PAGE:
Buffalo Hunter

Name given to U.S. reconnaissance drones flown over North Vietnam during the 1960s and early 1970s to collect tactical intelligence and strategic intelligence. These unmanned aircraft were launched
from airborne DC-130 Hercules cargo aircraft that remained over friendly territory; after their photo flight, the drones flew back to a location where they could be landed and have their film recovered; drones were reusable.

At the peak of the Buffalo Hunter operations, the drones made 30 to 40 flights per month over North Vietnam and adjacent areas of Indochina controlled by communist forces.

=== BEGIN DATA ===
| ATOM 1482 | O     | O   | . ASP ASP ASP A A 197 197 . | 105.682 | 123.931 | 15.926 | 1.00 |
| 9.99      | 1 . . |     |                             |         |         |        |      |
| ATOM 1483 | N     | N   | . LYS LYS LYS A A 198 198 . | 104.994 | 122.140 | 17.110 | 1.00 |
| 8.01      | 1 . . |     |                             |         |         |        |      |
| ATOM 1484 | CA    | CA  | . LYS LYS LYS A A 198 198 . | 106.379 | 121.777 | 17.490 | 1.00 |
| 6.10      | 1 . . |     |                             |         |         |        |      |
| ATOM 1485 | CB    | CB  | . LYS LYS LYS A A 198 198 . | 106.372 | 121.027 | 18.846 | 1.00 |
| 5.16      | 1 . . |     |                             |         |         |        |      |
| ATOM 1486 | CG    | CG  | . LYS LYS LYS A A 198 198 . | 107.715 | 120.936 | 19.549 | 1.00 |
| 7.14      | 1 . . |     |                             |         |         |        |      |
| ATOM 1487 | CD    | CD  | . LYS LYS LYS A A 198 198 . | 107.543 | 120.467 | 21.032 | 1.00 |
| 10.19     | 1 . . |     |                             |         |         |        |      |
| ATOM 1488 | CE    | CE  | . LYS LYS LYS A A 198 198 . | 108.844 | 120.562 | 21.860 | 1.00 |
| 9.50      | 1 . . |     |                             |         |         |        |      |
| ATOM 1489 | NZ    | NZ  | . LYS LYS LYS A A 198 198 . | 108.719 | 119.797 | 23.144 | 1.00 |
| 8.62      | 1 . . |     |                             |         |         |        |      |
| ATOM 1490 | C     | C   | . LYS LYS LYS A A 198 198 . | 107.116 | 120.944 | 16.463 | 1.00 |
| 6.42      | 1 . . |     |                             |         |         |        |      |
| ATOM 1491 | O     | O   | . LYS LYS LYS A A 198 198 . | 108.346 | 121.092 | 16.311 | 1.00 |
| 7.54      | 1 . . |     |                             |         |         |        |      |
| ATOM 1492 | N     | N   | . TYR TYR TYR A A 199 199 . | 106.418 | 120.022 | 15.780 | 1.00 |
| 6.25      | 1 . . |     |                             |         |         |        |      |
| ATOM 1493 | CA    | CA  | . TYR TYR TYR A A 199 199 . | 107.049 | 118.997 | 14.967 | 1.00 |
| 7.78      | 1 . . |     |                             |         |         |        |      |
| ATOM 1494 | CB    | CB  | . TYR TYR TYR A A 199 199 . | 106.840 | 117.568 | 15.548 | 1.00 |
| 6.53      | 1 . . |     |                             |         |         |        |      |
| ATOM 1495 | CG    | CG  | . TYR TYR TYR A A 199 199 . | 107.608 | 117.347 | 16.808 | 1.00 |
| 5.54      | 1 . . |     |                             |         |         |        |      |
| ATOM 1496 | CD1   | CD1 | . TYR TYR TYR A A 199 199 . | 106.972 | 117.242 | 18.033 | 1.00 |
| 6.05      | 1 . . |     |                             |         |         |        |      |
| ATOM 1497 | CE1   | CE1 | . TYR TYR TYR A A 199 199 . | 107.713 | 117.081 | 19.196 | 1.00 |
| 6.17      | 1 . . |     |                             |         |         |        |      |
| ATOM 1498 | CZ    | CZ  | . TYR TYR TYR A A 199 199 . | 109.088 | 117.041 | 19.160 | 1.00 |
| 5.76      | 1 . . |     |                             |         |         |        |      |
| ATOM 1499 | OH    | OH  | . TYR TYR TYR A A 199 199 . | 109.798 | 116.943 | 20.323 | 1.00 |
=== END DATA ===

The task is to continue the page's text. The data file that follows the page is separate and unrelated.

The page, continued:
Although seven "Buffalo Hunter" unmanned reconnaissance drones were flown at treetop level to take photos of the Son Tay prison between early September and late October 1970, not a single drone actually suceeded in flying over the facility, forcing the Strategic Reconnaissance Center (SRC) at Offutt AFB, Headquarters Strategic Air Command, to use the SR-71 to provide the requisite imagery.  The POW camps were the highest priority for SAC's imagery assets (drone and SR-71) operating over North Vietnam at that time and the failure to image the Son Tay facility was deeply felt by SAC personnel.